In response to the report, EE Times member Jim McGregor investigated further and compiled a variety of benchmark information from tech reviewers, benchmarking organizations and other industry resources. In particular, he looked at processors from Samsung, Intel and Qualcomm and, in effect, debunked the entire report, showing that ARM-based processors came out on top. At the same time, he pointed to the nuances and traps of processor benchmarking in general.
"Evaluating current mobile processors is challenging because these processors, known as systems-on-chips (SoCs), are complex systems of heterogeneous processing elements combined with memory, I/O, high-speed networks, communications modems and a host of other dedicated system functions," he wrote.
"Integration of the processors into mobile devices further complicates any evaluation because the overall performance and efficiency of these processors is impacted by the other system components. As a result, the industry turns to benchmarks to compare processors and devices. Unfortunately, mobile benchmarks are plagued by many issues and also fall short of providing an accurate evaluation."
Despite what seemed a fairly comprehensive conclusion, the EE Times community took McGregor's analysis, and benchmarking in general, to task, with an emphasis on power consumption:
eewiz: "...this analysis kinda sidestep[s] the issue of power consumption. It was not the processor's computational speed that was in question. It was that Intel CPU had more or less the same performance at HALF the current drain/power."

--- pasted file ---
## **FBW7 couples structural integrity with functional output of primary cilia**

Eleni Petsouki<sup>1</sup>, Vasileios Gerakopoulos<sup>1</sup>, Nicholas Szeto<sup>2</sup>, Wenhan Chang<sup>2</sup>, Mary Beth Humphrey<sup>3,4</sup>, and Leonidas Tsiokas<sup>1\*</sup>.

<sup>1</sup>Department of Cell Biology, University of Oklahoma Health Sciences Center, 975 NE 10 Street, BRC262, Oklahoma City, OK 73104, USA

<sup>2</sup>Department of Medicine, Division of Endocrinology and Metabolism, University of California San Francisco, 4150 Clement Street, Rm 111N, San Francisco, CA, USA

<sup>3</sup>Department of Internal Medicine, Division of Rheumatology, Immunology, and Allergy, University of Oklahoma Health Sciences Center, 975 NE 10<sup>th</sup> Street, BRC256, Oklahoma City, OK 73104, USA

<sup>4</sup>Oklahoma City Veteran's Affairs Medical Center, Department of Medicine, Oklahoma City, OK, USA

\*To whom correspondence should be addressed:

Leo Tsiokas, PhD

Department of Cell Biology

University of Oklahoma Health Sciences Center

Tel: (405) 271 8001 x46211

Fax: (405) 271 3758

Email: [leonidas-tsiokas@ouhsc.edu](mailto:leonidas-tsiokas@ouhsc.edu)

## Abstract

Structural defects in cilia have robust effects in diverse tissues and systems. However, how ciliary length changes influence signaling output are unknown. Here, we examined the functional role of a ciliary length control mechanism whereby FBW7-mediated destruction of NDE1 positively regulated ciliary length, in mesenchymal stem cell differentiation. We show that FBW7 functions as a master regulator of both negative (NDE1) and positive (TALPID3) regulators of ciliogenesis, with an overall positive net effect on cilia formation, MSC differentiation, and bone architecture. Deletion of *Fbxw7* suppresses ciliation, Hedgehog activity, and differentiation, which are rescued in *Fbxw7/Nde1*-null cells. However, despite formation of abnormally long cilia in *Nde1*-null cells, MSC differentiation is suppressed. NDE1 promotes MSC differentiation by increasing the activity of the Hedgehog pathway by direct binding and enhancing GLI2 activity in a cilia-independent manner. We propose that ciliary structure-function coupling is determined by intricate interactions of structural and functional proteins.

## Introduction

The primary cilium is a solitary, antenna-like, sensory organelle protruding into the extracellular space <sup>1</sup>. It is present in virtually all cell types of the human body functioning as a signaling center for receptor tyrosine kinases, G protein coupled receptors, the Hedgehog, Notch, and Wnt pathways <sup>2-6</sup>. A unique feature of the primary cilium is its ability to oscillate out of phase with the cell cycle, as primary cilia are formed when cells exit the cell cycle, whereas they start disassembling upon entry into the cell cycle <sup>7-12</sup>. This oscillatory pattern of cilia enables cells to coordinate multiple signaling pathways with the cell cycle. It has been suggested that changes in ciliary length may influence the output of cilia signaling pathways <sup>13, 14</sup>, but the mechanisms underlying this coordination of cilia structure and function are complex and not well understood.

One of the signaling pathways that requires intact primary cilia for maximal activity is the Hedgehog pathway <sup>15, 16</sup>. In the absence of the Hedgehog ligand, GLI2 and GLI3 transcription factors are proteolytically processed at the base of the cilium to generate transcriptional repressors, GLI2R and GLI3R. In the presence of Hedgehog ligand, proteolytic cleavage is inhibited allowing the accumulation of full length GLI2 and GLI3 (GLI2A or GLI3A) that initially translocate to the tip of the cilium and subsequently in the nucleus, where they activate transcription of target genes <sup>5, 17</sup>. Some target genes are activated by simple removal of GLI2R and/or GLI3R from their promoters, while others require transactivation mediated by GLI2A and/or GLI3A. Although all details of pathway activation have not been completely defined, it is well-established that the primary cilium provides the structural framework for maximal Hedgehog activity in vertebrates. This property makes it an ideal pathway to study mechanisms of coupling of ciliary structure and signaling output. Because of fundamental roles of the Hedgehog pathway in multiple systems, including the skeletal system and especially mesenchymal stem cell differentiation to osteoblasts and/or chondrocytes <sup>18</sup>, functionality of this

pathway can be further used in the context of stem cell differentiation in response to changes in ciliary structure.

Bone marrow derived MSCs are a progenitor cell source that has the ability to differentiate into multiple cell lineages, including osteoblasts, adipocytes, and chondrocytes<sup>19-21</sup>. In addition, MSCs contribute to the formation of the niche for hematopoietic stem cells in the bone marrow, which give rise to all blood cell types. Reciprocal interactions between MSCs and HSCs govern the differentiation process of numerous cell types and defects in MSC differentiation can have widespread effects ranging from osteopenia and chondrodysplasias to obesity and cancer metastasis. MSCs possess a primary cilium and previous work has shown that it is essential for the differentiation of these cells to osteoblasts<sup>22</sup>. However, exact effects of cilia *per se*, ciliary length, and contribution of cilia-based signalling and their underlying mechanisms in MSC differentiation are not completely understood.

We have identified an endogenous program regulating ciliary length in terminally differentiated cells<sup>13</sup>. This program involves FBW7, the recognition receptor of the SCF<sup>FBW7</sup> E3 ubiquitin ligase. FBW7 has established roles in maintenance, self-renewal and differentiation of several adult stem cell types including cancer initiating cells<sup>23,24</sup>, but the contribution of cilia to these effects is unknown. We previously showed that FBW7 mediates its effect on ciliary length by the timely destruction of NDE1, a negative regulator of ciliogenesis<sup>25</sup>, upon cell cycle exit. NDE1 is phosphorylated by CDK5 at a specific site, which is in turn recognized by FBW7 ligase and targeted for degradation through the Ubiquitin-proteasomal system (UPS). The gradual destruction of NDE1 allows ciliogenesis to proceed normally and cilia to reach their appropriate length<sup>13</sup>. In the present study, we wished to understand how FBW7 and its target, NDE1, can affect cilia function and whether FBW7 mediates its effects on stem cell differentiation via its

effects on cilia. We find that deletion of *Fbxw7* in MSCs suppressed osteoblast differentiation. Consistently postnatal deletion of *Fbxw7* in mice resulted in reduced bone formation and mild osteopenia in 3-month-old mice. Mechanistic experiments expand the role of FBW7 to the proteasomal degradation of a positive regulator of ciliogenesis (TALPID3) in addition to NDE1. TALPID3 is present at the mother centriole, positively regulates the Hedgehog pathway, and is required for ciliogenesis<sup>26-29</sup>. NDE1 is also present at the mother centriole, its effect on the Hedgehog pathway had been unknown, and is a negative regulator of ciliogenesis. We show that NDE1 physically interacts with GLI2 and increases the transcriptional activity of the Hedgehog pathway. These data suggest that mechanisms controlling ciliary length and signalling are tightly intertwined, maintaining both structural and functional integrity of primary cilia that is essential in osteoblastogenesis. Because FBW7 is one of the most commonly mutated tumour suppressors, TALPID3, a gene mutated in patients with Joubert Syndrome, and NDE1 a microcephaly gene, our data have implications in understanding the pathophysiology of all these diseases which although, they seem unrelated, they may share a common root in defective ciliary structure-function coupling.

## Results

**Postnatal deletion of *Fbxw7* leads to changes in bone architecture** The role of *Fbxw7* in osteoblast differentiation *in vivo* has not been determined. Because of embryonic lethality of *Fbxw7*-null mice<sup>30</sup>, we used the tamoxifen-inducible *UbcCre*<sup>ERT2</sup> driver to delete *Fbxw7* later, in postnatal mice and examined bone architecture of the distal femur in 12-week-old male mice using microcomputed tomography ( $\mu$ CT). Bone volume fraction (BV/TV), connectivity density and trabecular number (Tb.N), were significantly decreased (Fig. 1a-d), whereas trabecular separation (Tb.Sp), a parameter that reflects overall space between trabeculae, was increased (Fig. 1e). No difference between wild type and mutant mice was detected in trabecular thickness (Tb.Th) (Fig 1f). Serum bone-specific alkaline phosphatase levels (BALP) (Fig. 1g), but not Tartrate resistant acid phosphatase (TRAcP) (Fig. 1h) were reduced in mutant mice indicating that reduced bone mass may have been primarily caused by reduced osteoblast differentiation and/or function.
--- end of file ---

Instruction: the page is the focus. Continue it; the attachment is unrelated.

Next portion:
jaybus0: "Well, long calls affecting battery life is much more a function of the RF chipset efficiency and software control of transmit levels, etc. I don't see how it would fit into a comparison of digital SoCs."
rob12340: "Also, what OS was running on each platform to carry out these tests, since a highly optimized OS can make these benchmark tests show amazing performance on a slow processor vs. poor results on a badly ported OS running on a considerably faster processor."
David.Robinson: "The ABI article is clearly more about the current draw than about raw performance. So, while I agree that they could have done a better job by averaging multiple benchmarks, I think the point of the article is that Intel seems to have finally conquered what analysts have considered its 'Achilles' heel': power consumption."
Questioner: "The RAM scores seem highly unusual. Is there some kind of "cheating" going on with AnTuTu?"
On the topic of compilers:
Performance guy: "What's wrong with Intel getting ahead using better compiler technology?"
To which Jeff Bier responded: "Nothing, if we're talking about making real applications run faster. But that's not what we're talking about here.
What we're talking about here is the compiler removing portions of the benchmark, contrary to the intent of the benchmark. As a result, the benchmark results become meaningless."
The discussion continues to heat up on a very contentious issue. Clearly, all benchmarks should be questioned and none used exclusively; and recent headlines were more sensational than truthful.
To see the latest comments and join in the discussion, go to: Has Intel really beaten ARM?
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